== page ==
Vauxhall does have competition from independent tuning companies, such as Irmscher, which specialises in Opel and the Griffin badge, but the company says VXR is more than merely a tuning brand: it’s an important part of the longer term strategy of increasing sales across the model range.
“Primarily a performance division brings people into the showrooms, ultimately what the dealer wants. It is early days for the sales of VXR models, but these dealers are reporting a healthy level of interest,” adds Harris.
It’s vital for manufacturers to get it right, otherwise they risk wasting substantial sums of money.
Prof Cooke says: “If you look at the direction the vehicle manufacturers are moving in, they increasingly want to offer a full range, and this includes performance versions. It’s important they get these models right as it gives them a massive opportunity to retain customers, which is obviously very important.”
AMG has one of the best reputations for producing high quality and performance tuned production cars. The Mercedes-Benz division has been a great success in the UK. In 1995, the first full year of official models, 161 units were sold. In 2003, 1,409 registrations suggest that the idea of owning high performance cars appeals to more people than ever before. The most popular model last year was the SL55 AMG Roadster, which sold 558 units. But with Mercedes-Benz already such a prestige brand, does AMG help sell the standard cars?
“The AMG association does filter down to standard Mercedes-Benz models,” says Rob Halloway of Mercedes-Benz. “Dealers offer a whole range of AMG styling accessories, such as alloy wheels, and these are very popular. People may not opt for a complete AMG version, but they are still keen to get the look on their standard cars.”
AMG models are available through all 170 retailers in the Mercedes-Benz network and, as officially endorsed products, they carry the same warranty and have the same servicing periods as standard models. The increasing consumer demand for cars that combine high performance along with good quality and reliability has been good news for AMG .
“The cars offer accessible performance combined with practicality. They are easy to drive and easy to live with, but also offer great performance. The styling is discreet and the look is more purposeful and powerful rather than showy,” says Halloway.
Dedicated independent performance companies such as Alpina have a long history of working with particular manufacturers and producing tuned and re-styled conversions of standard cars – at a cost of course. But real enthusiasts are prepared to pay this premium, which is where dealers can take advantage.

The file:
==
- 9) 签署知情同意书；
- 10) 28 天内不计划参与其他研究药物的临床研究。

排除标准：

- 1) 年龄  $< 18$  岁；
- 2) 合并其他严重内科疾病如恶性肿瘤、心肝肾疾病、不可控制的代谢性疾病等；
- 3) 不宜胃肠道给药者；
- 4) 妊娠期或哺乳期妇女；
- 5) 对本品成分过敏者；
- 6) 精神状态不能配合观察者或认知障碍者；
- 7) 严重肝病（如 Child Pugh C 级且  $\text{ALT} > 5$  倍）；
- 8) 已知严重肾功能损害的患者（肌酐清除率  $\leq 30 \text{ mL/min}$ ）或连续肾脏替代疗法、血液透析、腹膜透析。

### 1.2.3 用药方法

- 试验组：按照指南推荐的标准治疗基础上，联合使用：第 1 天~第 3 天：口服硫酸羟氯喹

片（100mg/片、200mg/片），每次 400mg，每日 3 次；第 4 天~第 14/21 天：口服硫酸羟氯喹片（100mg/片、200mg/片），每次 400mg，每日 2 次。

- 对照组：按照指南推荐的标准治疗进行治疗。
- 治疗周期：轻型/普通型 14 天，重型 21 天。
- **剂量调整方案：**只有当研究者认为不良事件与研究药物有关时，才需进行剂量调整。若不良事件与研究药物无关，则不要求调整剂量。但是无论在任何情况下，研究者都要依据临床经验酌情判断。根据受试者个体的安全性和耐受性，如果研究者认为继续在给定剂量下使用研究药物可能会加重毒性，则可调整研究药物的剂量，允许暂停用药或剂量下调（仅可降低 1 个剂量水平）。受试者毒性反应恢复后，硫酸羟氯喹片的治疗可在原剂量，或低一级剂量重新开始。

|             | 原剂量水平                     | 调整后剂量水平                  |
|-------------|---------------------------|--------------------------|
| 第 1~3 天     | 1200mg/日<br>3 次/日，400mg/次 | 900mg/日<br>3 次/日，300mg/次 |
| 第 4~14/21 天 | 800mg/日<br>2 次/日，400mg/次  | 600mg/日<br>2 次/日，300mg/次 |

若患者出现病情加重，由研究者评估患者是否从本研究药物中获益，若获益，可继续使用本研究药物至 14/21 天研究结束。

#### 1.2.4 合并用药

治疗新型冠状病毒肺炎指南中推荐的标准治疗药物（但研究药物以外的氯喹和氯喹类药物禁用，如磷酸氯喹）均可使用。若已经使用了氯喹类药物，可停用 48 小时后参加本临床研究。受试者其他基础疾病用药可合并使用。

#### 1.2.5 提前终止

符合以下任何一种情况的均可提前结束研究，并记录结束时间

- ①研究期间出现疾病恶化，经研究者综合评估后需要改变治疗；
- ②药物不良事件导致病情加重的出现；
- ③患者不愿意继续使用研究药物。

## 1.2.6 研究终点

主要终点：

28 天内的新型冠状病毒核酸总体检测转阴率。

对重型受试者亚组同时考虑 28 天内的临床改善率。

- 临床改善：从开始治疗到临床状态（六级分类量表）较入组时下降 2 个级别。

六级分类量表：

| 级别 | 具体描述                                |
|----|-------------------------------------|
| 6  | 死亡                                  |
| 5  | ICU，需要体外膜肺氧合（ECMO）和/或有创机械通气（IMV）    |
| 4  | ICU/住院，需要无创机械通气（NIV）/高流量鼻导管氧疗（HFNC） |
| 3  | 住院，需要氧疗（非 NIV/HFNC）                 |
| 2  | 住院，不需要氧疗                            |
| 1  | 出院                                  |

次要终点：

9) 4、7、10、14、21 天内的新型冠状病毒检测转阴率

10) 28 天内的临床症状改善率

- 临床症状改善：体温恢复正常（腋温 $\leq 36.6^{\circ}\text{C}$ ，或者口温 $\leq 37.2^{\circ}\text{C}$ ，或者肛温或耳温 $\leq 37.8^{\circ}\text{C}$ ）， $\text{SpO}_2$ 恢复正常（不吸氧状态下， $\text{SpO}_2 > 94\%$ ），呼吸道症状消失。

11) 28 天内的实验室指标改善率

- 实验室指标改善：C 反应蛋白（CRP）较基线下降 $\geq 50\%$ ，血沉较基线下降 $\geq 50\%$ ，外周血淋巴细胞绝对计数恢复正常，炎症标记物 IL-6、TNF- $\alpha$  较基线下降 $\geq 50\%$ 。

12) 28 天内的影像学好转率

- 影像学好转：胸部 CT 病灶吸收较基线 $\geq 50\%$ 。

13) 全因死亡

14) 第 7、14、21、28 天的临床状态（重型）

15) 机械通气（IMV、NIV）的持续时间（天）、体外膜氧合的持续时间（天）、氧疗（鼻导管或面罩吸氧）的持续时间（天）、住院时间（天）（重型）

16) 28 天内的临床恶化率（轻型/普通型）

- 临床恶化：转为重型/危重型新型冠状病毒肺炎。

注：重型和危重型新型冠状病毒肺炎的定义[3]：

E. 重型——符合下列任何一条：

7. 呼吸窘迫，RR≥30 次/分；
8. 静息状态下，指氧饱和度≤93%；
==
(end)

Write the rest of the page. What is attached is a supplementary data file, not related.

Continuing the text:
Alpina is a manufacturer, not just a tuning house. Sytner is the UK concession holder and has been the sole agent since 1983. Models are sold exclusively through eight of its BMW dealerships which have some Alpina branding.
The awareness of the Alpina badge is at an all-time high among consumers in the UK, and yet it appears that the majority of BMW dealers are not grasping this opportunity.
“For most dealers it’s simply not on their agenda to sell Alpina models. We are willing to sell the cars to any BMW dealer who is interested but most seem to be scared of the unknown and don’t know where to start,” says Nick Godfrey, sales manager for Alpina GB.
“Customers will go into their local BMW dealership to ask about an Alpina, and although a few dealers will refer the customer to us, many will instead simply offer them an M Sport model. We do have good relationships with some dealers. If a dealer contacts us and wants to sell an Alpina car we are the first people to help them out. But these relationships often run out of steam.”
This may be due to the small volumes involved: Alpina sold 180 cars in the UK last year. But there is a more significant effect on the BMW badge, which dealers appear to be missing, according to Godfrey. “There is definitely a halo effect that filters down to the standard models.
The relationship between Alpina and BMW is very close – we’re not merely an aftermarket tuning company. We help to promote BMW’s standard models through good press about our own Alpina cars,” he says.
It’s clear there is an opportunity for dealers. The volumes may be small, but the evidence suggests that having performance cars in a showroom promotes sales of standard models, as well as attracting customers who want something extra and are willing to pay a premium.